From the perspective of an income investor who wants to earn dividends for many years, there is not much point buying a stock if its dividend is regularly cut or is not reliable. For the purpose of this article, we only scrutinise the last decade of Interface's dividend payments. Its dividend payments have fallen by 20% or more on at least one occasion over the past ten years. During the past ten-year period, the first annual payment was US$0.12 in 2009, compared to US$0.26 last year. Dividends per share have grown at approximately 8.0% per year over this time. The dividends haven't grown at precisely 8.0% every year, but this is a useful way to average out the historical rate of growth.
It's good to see the dividend growing at a decent rate, but the dividend has been cut at least once in the past. Interface might have put its house in order since then, but we remain cautious.
Dividend Growth Potential
With a relatively unstable dividend, it's even more important to see if earnings per share (EPS) are growing. Why take the risk of a dividend getting cut, unless there's a good chance of bigger dividends in future? While there may be fluctuations in the past , Interface's earnings per share have basically not grown from where they were five years ago. Flat earnings per share are acceptable for a time, but over the long term, the purchasing power of the company's dividends could be eroded by inflation.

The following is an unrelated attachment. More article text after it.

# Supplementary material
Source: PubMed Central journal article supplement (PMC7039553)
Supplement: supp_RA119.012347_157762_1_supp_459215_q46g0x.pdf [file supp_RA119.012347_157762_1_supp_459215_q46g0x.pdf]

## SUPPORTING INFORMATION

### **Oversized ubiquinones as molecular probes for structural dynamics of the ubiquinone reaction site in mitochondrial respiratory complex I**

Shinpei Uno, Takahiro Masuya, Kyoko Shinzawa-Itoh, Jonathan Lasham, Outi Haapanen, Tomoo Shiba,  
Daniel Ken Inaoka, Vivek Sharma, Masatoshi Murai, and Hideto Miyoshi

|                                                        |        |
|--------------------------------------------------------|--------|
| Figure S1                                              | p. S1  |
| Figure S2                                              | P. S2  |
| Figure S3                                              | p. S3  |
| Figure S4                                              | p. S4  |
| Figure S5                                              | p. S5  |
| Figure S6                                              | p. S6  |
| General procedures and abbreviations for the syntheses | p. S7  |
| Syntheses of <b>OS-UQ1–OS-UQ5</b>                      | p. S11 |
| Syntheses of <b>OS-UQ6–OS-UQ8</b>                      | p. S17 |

Dividend investors should always want to know if a) a company's dividends are affordable, b) if there is a track record of consistent payments, and c) if the dividend is capable of growing. Firstly, we like that Interface pays out a low fraction of earnings. It pays out a higher percentage of its cashflow, although this is within acceptable bounds. Second, earnings per share have been in decline, and its dividend has been cut at least once in the past. In sum, we find it hard to get excited about Interface from a dividend perspective. It's not that we think it's a bad business; just that there are other companies that perform better on these criteria.
Given that earnings are not growing, the dividend does not look nearly so attractive. Very few businesses see earnings consistently shrink year after year in perpetuity though, and so it might be worth seeing what the 7 analysts we track are forecasting for the future.
Looking for more high-yielding dividend ideas? Try our curated list of dividend stocks with a yield above 3%.
We aim to bring you long-term focused research analysis driven by fundamental data. Note that our analysis may not factor in the latest price-sensitive company announcements or qualitative material.
If you spot an error that warrants correction, please contact the editor at firstname.lastname@example.org. This article by Simply Wall St is general in nature. It does not constitute a recommendation to buy or sell any stock, and does not take account of your objectives, or your financial situation. Simply Wall St has no position in the stocks mentioned. Thank you for reading.